#   include <stdarg.h>
#else
#   include <varargs.h>
#endif

/*
 * Tcl_Invoke --
 *    Directly invoke a Tcl command or procedure
 *
 *    Call Tcl_Invoke somewhat like Tcl_VarEval
 *    Each arg becomes one argument to the command,
 *    with no further substitutions or parsing.
 */
    /* VARARGS2 */ /* ARGSUSED */

int
Tcl_Invoke TCL_VARARGS_DEF(Tcl_Interp *, arg1)
{
   va_list argList;
   Tcl_Interp *interp;
   char *cmd;          /* Command name */
   char *arg;          /* Command argument */
   char **argv;        /* String vector for arguments */
   int argc, i, max;   /* Number of arguments */
   Tcl_CmdInfo info;   /* Info about command procedures */
   int result;         /* TCL_OK or TCL_ERROR */

   interp = TCL_VARARGS_START(Tcl_Interp *, arg1, argList);
   Tcl_ResetResult(interp);

   /*
    * Map from the command name to a C procedure
    */
   cmd = va_arg(argList, char *);
   if (! Tcl_GetCommandInfo(interp, cmd, &info)) {
      Tcl_AppendResult(interp, "unknown command \"",
          cmd, "\"", NULL);
      va_end(argList);
      return TCL_ERROR;
   }

   max = 20;           /* Initial size of argument vector */

#if TCL_MAJOR_VERSION > 7
   /*
    * Check whether the object interface is preferred for
    * this command
    */

   if (info.isNativeObjectProc) {
      Tcl_Obj **objv;     /* Object vector for arguments */
      Tcl_Obj *resultPtr; /* The result object */
      int objc;

      objv = (Tcl_Obj **) Tcl_Alloc(max * sizeof(Tcl_Obj *));
      objv[0] = Tcl_NewStringObj(cmd, strlen(cmd));
      Tcl_IncrRefCount(objv[0]); /* ref count == 1*/
      objc = 1;

      /*
       * Build a vector out of the rest of the arguments
       */

      while (1) {
         arg = va_arg(argList, char *);
         if (arg == (char *)NULL) {
            objv[objc] = (Tcl_Obj *)NULL;
            break;
         }
         objv[objc] = Tcl_NewStringObj(arg, strlen(arg));
         Tcl_IncrRefCount(objv[objc]); /* ref count == 1*/
         objc++;
         if (objc >= max) {
            /* allocate a bigger vector and copy old one */
            Tcl_Obj **oldv = objv;
            max *= 2;
            objv = (Tcl_Obj **) Tcl_Alloc(max *
                   sizeof(Tcl_Obj *));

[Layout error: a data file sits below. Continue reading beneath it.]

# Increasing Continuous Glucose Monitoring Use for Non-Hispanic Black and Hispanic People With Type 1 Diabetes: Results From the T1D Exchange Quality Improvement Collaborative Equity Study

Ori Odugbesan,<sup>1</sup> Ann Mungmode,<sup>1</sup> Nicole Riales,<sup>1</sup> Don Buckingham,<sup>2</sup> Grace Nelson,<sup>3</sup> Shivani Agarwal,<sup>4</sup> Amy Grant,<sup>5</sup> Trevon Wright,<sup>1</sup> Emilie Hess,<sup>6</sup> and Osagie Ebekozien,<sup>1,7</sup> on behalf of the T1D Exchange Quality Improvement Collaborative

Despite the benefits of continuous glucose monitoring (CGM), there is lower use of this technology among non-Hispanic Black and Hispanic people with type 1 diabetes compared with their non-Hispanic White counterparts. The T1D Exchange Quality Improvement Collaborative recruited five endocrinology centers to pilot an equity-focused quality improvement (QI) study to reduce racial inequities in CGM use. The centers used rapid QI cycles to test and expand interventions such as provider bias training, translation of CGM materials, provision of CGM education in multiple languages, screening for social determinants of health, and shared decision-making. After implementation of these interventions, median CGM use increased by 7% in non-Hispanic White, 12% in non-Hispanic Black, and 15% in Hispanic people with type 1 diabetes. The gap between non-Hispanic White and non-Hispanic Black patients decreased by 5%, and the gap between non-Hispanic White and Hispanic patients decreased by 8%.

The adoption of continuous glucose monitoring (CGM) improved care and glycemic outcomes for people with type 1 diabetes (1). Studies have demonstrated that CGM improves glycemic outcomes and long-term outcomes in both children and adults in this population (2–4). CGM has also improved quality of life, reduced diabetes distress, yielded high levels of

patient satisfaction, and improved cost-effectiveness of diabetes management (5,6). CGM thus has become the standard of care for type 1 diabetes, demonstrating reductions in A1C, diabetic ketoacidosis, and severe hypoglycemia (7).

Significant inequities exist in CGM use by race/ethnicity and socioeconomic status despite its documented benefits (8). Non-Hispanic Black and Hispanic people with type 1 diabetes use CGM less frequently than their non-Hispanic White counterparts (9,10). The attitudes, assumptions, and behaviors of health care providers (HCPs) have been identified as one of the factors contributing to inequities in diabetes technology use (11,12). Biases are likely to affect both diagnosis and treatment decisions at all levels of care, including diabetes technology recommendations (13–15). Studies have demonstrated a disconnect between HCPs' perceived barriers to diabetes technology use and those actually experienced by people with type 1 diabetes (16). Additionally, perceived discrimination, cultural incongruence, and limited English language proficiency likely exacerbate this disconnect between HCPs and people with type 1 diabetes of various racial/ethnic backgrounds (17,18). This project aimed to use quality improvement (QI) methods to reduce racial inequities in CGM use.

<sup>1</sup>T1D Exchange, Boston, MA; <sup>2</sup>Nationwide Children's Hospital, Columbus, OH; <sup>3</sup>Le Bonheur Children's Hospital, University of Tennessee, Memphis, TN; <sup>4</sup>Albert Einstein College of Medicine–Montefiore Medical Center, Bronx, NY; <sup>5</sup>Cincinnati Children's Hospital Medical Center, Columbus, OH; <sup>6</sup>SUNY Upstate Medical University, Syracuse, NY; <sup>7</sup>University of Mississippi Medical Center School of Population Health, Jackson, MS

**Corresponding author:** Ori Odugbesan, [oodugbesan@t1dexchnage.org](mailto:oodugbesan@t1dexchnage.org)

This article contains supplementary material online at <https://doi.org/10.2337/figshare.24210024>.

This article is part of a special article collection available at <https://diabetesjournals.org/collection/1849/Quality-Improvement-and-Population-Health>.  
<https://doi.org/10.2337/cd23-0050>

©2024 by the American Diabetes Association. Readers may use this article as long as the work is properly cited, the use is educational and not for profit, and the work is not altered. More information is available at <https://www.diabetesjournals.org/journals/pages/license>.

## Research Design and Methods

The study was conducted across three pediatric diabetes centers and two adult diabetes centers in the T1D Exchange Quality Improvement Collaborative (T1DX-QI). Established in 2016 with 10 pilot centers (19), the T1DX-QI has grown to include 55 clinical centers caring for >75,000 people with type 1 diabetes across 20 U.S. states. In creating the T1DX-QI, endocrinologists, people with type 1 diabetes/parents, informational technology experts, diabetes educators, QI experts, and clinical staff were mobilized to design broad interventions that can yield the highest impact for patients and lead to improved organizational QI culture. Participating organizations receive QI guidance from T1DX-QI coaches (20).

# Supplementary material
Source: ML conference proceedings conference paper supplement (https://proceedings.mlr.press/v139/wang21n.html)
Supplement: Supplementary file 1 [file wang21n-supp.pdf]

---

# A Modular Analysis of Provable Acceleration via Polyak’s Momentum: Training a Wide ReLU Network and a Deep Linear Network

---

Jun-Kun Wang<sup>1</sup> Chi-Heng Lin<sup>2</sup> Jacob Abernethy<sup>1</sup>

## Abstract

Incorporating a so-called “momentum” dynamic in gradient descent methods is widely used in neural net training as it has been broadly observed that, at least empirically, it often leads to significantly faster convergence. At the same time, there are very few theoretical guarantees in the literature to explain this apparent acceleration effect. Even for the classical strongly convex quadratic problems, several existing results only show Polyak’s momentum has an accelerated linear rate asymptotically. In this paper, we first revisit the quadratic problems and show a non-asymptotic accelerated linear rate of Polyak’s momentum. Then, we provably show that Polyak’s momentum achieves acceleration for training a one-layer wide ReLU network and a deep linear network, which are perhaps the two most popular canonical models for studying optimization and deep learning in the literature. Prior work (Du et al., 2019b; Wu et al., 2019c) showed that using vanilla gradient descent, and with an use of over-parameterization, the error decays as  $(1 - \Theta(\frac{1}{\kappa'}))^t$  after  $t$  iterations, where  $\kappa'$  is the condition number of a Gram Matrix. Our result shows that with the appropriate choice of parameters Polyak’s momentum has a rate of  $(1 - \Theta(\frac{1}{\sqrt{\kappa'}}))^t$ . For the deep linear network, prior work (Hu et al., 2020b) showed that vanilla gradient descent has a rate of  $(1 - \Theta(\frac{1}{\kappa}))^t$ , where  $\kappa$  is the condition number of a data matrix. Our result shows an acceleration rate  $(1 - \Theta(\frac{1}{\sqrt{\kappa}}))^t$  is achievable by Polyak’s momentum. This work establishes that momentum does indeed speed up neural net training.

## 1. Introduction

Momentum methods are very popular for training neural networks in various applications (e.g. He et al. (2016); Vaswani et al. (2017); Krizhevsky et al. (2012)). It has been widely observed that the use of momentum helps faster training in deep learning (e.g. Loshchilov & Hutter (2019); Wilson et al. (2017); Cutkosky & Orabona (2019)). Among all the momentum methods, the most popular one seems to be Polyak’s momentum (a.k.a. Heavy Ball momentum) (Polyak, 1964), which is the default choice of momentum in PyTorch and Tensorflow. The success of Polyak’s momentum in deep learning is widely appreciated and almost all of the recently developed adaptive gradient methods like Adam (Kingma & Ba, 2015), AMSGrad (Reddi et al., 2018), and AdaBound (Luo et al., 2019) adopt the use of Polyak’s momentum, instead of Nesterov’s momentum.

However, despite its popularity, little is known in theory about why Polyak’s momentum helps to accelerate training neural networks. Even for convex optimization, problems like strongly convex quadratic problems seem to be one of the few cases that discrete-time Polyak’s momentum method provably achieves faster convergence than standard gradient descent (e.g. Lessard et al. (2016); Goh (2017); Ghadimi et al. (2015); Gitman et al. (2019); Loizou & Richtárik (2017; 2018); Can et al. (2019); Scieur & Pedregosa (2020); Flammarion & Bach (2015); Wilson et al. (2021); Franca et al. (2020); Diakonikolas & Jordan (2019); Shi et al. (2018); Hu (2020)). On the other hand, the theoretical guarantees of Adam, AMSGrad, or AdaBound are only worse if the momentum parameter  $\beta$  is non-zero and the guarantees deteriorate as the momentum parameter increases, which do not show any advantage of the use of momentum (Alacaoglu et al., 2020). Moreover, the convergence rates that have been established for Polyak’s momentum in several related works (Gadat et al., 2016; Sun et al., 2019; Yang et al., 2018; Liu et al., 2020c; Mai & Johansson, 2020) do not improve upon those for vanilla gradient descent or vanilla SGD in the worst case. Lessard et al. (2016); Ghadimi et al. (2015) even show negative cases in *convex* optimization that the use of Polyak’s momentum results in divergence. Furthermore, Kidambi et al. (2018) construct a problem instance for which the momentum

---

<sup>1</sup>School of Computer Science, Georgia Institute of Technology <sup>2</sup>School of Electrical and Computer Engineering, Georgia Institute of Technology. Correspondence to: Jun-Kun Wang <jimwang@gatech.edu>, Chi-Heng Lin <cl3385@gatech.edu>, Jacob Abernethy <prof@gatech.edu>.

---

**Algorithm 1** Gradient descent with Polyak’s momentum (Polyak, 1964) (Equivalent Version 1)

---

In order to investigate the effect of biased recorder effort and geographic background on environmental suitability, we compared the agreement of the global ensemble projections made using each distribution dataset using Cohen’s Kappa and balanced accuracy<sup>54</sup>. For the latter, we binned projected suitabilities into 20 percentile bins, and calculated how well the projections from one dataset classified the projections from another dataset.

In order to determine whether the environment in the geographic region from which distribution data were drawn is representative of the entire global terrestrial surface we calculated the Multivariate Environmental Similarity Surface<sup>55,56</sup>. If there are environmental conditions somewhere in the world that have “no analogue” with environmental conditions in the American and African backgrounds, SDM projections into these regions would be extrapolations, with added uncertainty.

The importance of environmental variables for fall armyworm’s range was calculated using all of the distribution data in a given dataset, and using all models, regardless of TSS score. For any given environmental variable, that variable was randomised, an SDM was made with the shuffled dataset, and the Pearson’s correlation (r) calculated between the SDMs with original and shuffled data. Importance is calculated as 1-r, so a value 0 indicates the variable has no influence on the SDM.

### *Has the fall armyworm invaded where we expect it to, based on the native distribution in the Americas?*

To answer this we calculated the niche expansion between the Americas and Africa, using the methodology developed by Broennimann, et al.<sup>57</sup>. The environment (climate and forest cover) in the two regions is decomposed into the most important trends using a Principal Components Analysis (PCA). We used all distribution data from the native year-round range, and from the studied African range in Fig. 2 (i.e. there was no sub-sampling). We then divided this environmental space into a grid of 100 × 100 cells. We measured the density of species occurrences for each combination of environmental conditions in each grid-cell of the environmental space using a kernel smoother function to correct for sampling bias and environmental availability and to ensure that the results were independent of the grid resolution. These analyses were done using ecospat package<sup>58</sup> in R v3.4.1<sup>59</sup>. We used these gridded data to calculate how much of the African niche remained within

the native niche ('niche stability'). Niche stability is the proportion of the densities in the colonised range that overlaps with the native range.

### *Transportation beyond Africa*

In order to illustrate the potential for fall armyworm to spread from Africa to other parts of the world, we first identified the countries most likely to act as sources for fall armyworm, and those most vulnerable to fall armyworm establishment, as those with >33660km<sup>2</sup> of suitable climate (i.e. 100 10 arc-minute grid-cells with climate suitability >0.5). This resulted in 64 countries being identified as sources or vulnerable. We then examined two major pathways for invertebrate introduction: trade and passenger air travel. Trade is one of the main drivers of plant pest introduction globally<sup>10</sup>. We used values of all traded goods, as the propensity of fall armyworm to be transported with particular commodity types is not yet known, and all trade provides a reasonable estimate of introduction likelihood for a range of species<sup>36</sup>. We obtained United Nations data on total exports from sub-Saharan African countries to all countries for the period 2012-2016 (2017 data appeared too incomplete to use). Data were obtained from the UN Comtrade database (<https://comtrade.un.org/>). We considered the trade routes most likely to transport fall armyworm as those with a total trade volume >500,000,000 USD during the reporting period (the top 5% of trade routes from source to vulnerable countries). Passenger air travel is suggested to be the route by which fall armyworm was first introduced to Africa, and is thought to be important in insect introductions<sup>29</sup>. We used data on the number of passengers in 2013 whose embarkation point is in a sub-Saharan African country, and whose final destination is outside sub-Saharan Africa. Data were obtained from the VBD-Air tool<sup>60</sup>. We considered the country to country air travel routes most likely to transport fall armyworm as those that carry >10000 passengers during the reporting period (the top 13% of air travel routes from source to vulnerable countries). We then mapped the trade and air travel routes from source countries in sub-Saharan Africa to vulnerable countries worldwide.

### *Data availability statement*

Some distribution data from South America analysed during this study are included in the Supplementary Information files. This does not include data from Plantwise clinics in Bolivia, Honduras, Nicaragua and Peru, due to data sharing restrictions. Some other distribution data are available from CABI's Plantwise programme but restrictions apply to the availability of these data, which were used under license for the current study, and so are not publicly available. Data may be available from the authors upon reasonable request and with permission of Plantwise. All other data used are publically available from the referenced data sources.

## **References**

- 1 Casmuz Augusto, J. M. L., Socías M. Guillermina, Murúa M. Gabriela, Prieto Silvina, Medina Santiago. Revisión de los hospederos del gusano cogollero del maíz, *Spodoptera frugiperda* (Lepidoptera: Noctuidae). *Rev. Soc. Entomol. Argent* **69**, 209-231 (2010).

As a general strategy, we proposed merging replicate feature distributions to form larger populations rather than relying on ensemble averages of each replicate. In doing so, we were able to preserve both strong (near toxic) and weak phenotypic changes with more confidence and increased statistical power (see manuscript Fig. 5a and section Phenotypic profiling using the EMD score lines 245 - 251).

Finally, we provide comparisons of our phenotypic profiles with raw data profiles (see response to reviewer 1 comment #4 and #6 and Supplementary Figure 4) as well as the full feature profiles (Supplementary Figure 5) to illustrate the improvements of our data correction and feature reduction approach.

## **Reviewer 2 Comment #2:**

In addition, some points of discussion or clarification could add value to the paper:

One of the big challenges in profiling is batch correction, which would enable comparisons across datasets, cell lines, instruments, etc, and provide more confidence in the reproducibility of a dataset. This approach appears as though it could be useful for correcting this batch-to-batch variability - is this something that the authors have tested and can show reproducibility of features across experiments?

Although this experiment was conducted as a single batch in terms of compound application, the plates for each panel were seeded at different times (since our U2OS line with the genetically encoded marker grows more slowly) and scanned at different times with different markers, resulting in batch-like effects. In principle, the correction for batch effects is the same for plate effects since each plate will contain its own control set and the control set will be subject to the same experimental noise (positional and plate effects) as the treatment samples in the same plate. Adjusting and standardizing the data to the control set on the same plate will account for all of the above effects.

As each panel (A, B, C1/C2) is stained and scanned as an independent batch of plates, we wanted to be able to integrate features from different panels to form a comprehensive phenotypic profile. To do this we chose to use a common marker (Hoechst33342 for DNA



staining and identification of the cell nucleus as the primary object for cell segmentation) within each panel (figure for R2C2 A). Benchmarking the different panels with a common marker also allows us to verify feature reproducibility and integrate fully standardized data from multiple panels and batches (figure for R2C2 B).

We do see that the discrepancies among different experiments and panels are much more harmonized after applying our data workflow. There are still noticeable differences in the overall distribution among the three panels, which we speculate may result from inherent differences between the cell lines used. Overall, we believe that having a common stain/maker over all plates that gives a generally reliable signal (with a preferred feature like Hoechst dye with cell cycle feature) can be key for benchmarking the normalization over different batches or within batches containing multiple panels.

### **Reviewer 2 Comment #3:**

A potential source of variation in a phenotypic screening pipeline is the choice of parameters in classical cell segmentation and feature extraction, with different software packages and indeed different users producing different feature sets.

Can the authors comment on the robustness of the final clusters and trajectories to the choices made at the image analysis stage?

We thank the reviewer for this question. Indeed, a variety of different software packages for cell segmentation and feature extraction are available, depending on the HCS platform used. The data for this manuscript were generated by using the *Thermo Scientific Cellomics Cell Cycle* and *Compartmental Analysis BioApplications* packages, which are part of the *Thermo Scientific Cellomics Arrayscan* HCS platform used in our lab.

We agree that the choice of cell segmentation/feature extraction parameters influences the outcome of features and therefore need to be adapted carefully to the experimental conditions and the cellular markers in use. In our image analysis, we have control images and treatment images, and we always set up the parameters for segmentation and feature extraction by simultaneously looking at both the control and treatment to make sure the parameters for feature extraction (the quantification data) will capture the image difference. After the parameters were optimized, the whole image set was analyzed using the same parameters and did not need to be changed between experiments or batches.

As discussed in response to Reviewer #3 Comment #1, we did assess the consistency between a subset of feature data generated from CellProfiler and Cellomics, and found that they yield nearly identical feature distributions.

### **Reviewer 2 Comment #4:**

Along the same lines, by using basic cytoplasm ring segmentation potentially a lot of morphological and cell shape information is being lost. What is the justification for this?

for (i = 0 ; i < objc ; i++) {
               objv[i] = oldv[i];
            }
            Tcl_Free((char *)oldv);
         }
      }
      va_end(argList);

      /*
       * Invoke the C procedure
       */
      result = (*info.objProc)(info.objClientData, interp,
             objc, objv);

      /*
       * Make sure the string value of the result is valid
       * and release our references to the arguments
       */
      (void) Tcl_GetStringResult(interp);
      for (i = 0 ; i < objc ; i++) {
         Tcl_DecrRefCount(objv[i]);
      }
      Tcl_Free((char *)objv);

      return result;
   }
#endif
    argv = (char **) Tcl_Alloc(max * sizeof(char *));
    argv[0] = cmd;
    argc = 1;

       /*
        * Build a vector out of the rest of the arguments
        */
       while (1) {
          arg = va_arg(argList, char *);
          argv[argc] = arg;
          if (arg == (char *)NULL) {
             break;
          }
          argc++;
          if (argc >= max) {
             /* allocate a bigger vector and copy old one */
             char **oldv = argv;
             max *= 2;
             argv = (char **) Tcl_Alloc(max * sizeof(char *));
             for (i = 0 ; i < argc ; i++) {
                argv[i] = oldv[i];
             }
             Tcl_Free((char *) oldv);
          }
       }
       va_end(argList);

       /*
        * Invoke the C procedure
        */
        result = (*info.proc)(info.clientData, interp, argc, argv);

       /*
        * Release the arguments
        */
       Tcl_Free((char *) argv);
       return result;

}

This version of Tcl_Invoke was contributed by Jean Brouwers. He uses TCL_VARARGS_DEF and TCL_VARARGS_START macros to define procedures that take a variable number of arguments. These standard Tcl macros hide the differences in the way you do this on different operating systems and different compilers. It turns out that there are numerous minor differences between compilers that can cause portability problems in a variety of situations. Happily, there is a nice scheme used to discover these differences and write code in a portable way. This is the topic of the next chapter.